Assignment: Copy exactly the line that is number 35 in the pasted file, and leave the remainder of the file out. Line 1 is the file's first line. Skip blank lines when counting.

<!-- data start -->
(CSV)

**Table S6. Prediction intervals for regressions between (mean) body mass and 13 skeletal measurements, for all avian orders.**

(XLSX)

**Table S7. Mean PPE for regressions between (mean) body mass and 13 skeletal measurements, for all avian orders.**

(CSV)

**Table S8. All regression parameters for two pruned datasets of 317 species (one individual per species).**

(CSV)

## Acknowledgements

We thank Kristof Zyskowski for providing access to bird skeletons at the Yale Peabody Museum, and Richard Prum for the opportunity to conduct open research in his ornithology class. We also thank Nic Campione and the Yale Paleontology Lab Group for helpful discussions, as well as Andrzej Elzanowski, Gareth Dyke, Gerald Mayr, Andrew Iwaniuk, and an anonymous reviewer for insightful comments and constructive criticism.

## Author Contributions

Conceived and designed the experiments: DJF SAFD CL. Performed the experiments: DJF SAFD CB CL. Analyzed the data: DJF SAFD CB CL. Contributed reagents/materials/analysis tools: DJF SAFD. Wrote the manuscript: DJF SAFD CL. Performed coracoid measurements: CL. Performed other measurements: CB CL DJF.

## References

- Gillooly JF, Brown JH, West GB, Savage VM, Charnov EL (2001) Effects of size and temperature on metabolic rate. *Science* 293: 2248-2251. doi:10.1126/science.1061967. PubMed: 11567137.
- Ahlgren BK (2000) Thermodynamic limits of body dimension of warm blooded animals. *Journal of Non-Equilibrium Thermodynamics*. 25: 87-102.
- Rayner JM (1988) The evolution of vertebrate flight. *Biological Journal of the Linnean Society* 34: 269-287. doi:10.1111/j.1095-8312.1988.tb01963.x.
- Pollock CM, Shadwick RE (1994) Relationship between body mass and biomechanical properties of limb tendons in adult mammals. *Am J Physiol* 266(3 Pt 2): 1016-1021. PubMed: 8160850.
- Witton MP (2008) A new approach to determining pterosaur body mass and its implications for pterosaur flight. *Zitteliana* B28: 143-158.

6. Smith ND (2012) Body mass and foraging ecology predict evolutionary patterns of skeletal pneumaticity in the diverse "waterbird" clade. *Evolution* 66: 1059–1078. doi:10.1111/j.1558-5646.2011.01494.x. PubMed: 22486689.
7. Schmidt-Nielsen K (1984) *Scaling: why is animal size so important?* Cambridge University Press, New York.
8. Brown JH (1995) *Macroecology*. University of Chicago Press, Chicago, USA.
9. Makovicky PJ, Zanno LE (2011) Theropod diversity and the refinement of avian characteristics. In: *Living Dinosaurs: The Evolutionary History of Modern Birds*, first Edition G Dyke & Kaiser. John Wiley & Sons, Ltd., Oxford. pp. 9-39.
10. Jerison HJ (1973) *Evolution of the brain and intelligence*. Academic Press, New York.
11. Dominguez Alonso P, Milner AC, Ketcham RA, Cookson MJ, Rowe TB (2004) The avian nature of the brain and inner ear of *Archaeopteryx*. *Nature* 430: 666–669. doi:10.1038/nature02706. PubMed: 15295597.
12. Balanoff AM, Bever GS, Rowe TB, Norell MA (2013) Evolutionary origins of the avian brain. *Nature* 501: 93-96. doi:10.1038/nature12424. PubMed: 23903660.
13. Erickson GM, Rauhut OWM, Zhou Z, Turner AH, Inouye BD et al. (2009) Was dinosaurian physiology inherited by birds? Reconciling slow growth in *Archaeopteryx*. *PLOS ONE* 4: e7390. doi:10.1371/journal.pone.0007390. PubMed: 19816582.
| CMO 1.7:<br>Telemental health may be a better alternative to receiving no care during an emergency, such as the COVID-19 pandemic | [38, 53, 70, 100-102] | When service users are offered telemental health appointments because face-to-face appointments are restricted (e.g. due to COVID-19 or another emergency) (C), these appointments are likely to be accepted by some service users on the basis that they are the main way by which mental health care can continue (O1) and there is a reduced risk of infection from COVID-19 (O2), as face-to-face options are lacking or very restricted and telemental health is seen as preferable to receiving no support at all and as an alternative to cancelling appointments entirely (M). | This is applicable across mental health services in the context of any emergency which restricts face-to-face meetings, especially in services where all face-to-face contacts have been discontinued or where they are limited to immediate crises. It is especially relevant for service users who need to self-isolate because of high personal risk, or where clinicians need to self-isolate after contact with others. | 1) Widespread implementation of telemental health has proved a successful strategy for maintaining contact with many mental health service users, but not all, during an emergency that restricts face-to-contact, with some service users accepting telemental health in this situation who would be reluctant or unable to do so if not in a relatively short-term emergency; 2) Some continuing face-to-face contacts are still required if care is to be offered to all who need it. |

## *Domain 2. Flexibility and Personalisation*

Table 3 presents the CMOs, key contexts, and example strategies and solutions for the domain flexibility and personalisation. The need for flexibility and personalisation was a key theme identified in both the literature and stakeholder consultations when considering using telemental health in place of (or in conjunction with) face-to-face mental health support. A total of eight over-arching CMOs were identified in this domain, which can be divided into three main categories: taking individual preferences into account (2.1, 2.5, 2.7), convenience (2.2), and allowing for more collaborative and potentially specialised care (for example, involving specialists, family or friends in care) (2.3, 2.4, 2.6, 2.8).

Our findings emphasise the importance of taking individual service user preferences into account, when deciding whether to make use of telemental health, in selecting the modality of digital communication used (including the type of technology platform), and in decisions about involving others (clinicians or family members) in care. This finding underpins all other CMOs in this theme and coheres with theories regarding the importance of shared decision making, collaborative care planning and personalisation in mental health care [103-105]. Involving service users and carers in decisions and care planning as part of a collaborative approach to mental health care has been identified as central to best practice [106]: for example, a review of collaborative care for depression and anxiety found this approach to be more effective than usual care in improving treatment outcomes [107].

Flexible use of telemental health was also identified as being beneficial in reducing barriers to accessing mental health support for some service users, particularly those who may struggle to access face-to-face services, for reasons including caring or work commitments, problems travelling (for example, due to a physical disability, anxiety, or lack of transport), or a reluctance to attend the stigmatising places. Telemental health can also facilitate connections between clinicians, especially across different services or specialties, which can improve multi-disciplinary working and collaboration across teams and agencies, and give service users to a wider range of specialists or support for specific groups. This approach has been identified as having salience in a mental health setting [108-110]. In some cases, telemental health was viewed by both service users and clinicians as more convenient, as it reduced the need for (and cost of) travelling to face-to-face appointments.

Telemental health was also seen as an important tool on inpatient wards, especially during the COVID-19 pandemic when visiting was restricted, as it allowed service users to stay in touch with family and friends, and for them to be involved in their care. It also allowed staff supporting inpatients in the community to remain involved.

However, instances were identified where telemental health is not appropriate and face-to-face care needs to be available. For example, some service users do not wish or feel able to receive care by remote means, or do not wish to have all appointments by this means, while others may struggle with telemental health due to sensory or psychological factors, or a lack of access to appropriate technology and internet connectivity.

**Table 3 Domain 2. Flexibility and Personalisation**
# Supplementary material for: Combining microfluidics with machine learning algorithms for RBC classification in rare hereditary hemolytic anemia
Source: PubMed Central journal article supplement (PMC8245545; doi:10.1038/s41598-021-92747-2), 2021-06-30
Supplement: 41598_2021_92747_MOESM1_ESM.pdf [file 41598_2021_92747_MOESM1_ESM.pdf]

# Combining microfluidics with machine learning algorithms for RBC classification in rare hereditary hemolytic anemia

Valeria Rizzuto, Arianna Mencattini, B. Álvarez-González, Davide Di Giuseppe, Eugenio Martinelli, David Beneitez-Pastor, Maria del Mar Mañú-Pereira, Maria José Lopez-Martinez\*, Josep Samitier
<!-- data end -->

Source: PubMed Central journal article supplement (PMC8245545; doi:10.1038/s41598-021-92747-2), 2021-06-30